NorthShore Inline Marathon titles decided by less than a second (with video)Winning a third straight NorthShore Inline Marathon was a challenge for Briana Kramer on Saturday morning. It had been five months since her last race, since doctors found a spine fracture in her lower back.
By: Kevin Pates, Duluth News Tribune
Winning a third straight NorthShore Inline Marathon was a challenge for Briana Kramer on Saturday morning.
It had been five months since her last race, since doctors found a spine fracture in her lower back. The aspiring long-track speedskater from Salt Lake City, Utah, used physical therapy and bike riding to stay in shape.
Yet Kramer, 21, didn’t decide until last Tuesday to return for the 17th annual 26.2-mile race from Two Harbors to Duluth. She led the women’s elite field in her fastest victory in 1 hour, 13 minutes, 1.8 seconds, an advantage of less than a second over two-time former champion Julie Glass of Fountain Hills, Ariz., in 1:13:02.2.
Wesley Gandy of Richmond, Va., earned his first career marathon win by holding off 51-year-old Luis Mejia of Bogota Columbia by six-tenths of a second — 1:03:19.3 to 1:03:19.9 — in the elite men’s race. Winners earned $1,100 from a total purse of $11,200 in the marathon, designated as the 2012 U.S. Championships.
“I am so thankful to be here to compete,” said Kramer, who hopes to compete for the United States in speedskating at the Winter Olympics in 2014 or 2018. “My training was almost nonexistent until the last month. My fracture was congenital, or came through skating, but I’m told it won’t ever heal. I’ve had to strengthen my core muscles to help stabilize the spine.
“It doesn’t hurt when I’m speedskating (on ice) because you glide, but I can feel it on inline skates. The race (Saturday) was fantastic and I felt good, but I will need a massage.”
After not competing in an inline marathon for five years, since the 2007 NorthShore, Glass returned and made a push right to the end. A lead pack of six to eight women stuck together, and Kramer made a final surge around the back side of the DECC to gain a small edge on the last straightaway, on Harbor Drive.
For much of the past three years, Glass, 33, has devoted time to raising her twin daughters, age 5½, and becoming a star for the Oly Rollers in the Women’s Flat Track Derby Association, using the alias Atomatrix.
“Coming here, I didn’t know if I’d get dropped and fall behind or if I had a chance to win,” said Glass, who won the NorthShore women’s race in 1999 and 2003. “I figured if I would stay with the lead pack, I’d have a good finish.
“Every time there was a breakaway (by one of the leaders), I told myself that I had to go along and that I could handle the pace, and eventually they would slow back down. I would’ve been disappointed not to have finished with the lead pack.”
A few years ago, Glass said she would’ve been the one to make a deciding move at the end, but unsure of her fitness, she let Kramer go first. Kramer had talked with a friend, former NorthShore participant Brittany Bowe, last week about facing Glass, a 17-time World Champion, for the first time. Kramer was told not to let Glass be the one to sprint at the finish.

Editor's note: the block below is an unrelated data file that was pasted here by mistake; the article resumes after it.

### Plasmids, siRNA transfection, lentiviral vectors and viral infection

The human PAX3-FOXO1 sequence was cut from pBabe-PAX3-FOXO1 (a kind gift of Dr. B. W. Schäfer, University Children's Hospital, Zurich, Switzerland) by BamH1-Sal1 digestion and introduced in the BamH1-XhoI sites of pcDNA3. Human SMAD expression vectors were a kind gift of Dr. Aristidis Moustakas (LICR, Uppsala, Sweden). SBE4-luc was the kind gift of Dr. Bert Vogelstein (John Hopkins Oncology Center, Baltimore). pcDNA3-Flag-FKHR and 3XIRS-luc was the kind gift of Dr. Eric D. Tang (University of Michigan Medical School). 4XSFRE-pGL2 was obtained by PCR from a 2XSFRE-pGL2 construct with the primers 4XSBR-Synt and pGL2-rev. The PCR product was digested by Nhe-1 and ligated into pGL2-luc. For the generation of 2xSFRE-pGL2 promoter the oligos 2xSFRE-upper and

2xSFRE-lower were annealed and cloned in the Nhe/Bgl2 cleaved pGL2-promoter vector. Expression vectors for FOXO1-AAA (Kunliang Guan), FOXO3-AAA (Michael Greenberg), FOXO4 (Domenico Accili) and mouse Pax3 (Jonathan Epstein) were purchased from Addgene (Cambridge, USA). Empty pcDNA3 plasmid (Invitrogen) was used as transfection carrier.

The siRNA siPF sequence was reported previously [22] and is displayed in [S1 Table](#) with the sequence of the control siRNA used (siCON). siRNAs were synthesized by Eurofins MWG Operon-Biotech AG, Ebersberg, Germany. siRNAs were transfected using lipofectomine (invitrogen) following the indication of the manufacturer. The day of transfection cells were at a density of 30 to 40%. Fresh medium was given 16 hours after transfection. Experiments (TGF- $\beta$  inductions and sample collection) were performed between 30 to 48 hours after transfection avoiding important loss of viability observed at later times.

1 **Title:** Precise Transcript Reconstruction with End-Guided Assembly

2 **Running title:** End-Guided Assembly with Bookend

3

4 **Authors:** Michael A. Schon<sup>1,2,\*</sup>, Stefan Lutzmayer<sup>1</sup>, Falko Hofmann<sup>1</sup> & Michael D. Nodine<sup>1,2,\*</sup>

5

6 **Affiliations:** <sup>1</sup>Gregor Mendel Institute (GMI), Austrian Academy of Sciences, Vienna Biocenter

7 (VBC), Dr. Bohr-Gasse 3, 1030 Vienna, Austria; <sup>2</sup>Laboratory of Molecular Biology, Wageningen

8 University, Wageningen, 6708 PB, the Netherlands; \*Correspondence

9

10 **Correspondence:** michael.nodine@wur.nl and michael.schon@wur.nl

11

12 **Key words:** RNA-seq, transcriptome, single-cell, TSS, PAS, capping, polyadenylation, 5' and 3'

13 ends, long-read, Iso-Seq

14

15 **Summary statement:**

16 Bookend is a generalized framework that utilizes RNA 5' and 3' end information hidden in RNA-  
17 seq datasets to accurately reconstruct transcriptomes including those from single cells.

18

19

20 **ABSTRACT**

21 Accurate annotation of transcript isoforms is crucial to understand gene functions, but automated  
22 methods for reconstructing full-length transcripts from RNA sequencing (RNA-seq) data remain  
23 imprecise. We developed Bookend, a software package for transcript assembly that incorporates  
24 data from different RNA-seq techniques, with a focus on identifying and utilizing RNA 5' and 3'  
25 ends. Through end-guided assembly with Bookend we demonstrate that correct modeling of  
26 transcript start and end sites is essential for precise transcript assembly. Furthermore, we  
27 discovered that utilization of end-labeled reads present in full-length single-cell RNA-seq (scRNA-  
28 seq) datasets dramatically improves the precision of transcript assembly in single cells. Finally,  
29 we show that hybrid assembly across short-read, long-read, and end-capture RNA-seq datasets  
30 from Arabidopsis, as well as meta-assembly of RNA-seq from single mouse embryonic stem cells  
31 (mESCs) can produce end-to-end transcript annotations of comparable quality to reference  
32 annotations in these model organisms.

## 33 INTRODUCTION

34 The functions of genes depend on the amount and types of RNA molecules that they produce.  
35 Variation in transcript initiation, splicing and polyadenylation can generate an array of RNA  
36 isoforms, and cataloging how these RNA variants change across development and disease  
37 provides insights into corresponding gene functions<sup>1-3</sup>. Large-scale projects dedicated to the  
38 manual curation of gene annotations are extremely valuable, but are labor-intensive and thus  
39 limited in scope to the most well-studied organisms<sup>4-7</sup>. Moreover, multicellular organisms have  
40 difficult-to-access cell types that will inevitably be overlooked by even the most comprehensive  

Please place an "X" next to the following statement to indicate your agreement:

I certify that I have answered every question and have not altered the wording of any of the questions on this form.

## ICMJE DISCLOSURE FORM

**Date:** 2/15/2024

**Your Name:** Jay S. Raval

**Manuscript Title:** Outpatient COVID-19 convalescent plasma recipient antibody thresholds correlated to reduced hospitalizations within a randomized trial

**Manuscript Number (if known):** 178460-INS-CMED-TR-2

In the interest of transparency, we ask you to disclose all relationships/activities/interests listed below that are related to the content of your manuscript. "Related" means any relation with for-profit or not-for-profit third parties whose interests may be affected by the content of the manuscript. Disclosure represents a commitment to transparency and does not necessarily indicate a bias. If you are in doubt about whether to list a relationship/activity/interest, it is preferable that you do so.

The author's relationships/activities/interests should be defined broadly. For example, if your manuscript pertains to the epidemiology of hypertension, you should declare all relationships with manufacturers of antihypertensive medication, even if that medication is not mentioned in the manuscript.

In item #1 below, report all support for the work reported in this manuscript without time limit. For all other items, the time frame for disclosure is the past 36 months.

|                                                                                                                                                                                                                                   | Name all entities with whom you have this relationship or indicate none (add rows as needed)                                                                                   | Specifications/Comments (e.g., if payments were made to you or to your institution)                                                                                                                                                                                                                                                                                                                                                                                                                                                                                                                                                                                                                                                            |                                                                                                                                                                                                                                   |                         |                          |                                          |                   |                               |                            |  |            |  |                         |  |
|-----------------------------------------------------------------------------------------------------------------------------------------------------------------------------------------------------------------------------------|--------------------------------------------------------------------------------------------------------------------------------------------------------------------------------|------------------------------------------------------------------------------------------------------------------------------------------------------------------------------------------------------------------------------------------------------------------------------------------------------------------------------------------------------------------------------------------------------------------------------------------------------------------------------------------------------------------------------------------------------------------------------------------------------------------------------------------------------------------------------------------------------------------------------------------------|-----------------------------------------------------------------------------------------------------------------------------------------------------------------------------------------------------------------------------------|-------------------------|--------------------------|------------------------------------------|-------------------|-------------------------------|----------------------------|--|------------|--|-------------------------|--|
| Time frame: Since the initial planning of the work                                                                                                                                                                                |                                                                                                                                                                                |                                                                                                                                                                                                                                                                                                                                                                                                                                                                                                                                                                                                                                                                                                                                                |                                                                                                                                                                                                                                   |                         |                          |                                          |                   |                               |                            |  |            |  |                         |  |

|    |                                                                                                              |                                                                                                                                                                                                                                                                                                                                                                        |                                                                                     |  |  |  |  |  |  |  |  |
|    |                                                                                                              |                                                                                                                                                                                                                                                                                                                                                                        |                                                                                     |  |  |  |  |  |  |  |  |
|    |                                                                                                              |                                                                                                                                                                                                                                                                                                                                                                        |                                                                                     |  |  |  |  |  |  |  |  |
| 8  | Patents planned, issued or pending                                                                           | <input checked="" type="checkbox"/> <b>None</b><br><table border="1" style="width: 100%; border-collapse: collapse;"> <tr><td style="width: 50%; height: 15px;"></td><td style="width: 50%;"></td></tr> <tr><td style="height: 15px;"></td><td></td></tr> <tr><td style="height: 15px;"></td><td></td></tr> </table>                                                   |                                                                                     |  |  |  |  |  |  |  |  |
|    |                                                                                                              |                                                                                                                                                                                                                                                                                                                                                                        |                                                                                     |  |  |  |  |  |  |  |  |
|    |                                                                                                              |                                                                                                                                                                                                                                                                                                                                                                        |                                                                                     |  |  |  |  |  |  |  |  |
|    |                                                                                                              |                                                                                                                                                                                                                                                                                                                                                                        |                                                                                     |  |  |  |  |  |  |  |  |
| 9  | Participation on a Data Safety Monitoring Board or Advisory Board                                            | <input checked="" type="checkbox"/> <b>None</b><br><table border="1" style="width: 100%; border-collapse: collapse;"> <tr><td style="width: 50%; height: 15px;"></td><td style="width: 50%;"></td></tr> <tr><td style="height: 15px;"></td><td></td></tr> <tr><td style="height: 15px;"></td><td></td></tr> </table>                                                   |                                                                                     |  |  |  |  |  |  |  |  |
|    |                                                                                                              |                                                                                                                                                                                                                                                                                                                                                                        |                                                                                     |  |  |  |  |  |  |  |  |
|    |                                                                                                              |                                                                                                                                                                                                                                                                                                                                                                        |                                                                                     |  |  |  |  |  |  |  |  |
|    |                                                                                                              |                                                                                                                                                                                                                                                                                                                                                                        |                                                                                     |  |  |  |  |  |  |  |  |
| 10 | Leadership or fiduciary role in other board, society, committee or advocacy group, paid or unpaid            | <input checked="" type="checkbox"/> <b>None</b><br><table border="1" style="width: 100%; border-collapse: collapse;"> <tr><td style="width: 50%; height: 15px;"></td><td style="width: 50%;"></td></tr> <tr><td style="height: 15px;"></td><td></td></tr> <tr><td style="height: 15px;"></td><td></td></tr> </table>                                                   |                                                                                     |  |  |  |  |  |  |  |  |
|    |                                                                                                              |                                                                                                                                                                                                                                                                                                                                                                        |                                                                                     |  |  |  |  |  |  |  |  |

The top five women finished less than three seconds apart. High school sophomore Janelle Cole, 15, of Rockford, Mich., second last year, was third in 1:13:02.5, three-tenths of a second behind Glass.
The largest inline marathon in North America had 1,863 entrants, a drop from 2,031 a year ago and 2,640 in 2010. The weather was ideal on a sunny 50-degree day with a slight crosswind along the North Shore.
Gandy, 21, needed his own burst of speed to get free of a skater who is 30 years older. He did so on the final turn, by the Vista Fleet Excursions, on the way to the William A. Irvin ore boat.
“A lot of marathon guys don’t skate indoors (on tracks) and aren’t used to going around turns. I was counting on that corner to help me win,” said Gandy, a driver for Jimmy John’s Sandwiches, who trains in the gym and on the roads about four hours a day.
Mejia, in his ninth NorthShore race, finished sixth in 2009 in 59:36.6 and earned his best finish Saturday by not bowing to age. He led for about 80 percent of the race, although Gandy was within arm’s length for the final
The duo was then on its own and finished about a minute ahead of a pack of 14 skaters, who were four seconds apart, including 2009 champion Julian Rivera of Columbia, ninth in 1:04:24.7.
“I knew in the pro master division (50 and older) I could win easily, but I like racing against the (open division) skaters. I like adrenaline,” said Mejia, an inline coach, who arrived in Duluth last Wednesday after flights from Bogota, to Miami, to Minneapolis, before a drive to Duluth. “My legs were so tired when I got here, and I felt better every day since. I am a little surprised to finish so high, but I like to race.”
Top Minnesota finishers were Colombia native David Sarmiento, 30, of Sleepy Eye, 11th in 1:04:25.2; and Andy Kostka, 32, of Maple Grove, 16th in 1:04:25.8; and Kara Peterson, 43, of St. Paul, sixth among women in 1:13:14.6; and Sarah Oftedahl, 33, of St. Paul, 12th in 1:20:19.5.
The NorthShore race was likely missing some elite racers because the World Championships men’s and women’s marathons were held Saturday in San Benedetto Del Tronto, Italy.